When I was 24, I was working a typical day at my first post-college job when I experienced a very sudden and excruciating headache. As I continued a conversation with a co-worker, I began to notice changes in my vision as well as an intensity in pain. We both dismissed these symptoms as telltale signs of a migraine, so I headed to the employee area to “sit it out.” Within a few minutes, my mouth started to tingle and my fingertips went numb.
Concerned, I called my mother—a cardiac R.N.—to see if my symptoms were anything to be worried about. Her response was to call 9-1-1 immediately and have an ambulance take me to the hospital.
I ignored her instruction and decided to have a friend take me to the emergency room of a nearby hospital instead. Once I described my symptoms to triage, I immediately was taken to be seen by a physician. After a chest X-Ray and CT scan, it was decided that I had experienced a Transient Ischemic Attack (T.I.A.). I spent only a few hours in the hospital before I was discharged with a diagnoses of a “mini-stroke with no brain damage.” At the age of 24, I didn’t take any of this seriously. In fact, my friend who drove me joked with me about the experience several times after it happened.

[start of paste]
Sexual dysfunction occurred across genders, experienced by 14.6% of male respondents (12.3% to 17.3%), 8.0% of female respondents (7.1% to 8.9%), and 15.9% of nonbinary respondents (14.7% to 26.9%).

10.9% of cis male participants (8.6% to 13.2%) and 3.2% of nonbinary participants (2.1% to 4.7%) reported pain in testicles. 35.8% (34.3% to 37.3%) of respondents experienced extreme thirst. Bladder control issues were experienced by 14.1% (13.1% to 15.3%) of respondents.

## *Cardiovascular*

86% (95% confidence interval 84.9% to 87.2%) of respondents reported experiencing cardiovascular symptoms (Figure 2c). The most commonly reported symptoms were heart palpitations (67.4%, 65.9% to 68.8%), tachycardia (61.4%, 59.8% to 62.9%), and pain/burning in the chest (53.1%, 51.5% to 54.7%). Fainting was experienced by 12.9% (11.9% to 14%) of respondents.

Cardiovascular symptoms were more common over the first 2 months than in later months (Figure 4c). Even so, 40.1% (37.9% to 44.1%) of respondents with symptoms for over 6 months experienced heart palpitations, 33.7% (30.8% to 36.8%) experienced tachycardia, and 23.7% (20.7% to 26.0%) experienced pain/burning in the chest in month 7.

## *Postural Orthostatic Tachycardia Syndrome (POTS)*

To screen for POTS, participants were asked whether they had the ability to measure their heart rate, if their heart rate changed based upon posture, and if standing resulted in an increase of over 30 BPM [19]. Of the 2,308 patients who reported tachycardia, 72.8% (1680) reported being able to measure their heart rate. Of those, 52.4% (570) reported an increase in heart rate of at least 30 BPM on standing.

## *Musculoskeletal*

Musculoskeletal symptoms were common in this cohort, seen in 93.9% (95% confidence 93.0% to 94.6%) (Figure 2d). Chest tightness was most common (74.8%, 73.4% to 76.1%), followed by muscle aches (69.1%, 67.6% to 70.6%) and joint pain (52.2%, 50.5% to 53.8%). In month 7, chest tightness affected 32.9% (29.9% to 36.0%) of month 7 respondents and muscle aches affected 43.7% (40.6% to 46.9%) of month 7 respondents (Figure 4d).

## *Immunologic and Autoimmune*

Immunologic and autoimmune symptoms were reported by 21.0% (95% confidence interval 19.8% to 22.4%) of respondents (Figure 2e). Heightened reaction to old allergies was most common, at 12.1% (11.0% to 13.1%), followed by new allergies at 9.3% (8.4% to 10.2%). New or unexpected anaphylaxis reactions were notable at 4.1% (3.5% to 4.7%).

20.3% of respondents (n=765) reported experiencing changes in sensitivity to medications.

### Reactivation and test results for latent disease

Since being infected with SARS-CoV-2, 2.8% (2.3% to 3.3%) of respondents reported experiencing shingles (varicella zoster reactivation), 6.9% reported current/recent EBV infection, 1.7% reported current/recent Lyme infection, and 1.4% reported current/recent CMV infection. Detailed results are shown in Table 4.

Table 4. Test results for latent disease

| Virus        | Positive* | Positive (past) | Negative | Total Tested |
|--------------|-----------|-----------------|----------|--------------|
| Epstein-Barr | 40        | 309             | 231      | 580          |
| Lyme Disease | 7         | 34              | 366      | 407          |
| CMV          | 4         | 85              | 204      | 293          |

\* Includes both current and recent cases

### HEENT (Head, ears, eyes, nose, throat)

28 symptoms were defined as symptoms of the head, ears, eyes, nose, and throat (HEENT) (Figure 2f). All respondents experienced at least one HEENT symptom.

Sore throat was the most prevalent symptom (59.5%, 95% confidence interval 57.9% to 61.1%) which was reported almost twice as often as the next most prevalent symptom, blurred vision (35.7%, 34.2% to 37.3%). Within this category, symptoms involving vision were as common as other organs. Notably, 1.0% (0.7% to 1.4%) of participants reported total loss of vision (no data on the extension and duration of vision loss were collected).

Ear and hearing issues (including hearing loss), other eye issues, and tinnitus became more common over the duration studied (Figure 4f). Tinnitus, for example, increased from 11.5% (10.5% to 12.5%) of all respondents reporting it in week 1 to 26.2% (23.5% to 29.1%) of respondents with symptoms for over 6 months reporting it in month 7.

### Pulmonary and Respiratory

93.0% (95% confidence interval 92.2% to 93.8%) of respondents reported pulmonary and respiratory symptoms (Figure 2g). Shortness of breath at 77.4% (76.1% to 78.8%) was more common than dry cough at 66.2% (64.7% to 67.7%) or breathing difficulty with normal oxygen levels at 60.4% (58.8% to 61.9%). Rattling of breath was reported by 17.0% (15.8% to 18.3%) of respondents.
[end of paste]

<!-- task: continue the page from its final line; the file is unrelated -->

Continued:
It wasn’t until I started working for the American Heart Association two years later that I learned how serious a T.I.A. is and how imperative it was for me to have listened to my mother’s instruction and call 9-1-1. Had I have been experiencing an actual stroke, for which the warning signs are the same, I could have died or suffered severe disability. With stroke, time is of the essence. Time can mean life or death. Time can mean brain saved or lost. Time is everything.
Now my mission is to educate other young adults who may dismiss our No. 5 killer and No. 1 cause of disability as something they don’t need to be concerned with. Stroke can affect anyone, which is why it is important to know and recognize the warning signs. Think F.A.S.T.: Facial drooping, Arm weakness, Slurred speech, Time to call 9-1-1. Don’t risk it by brushing it off as “probably nothing,” because it might be something and it might become too late.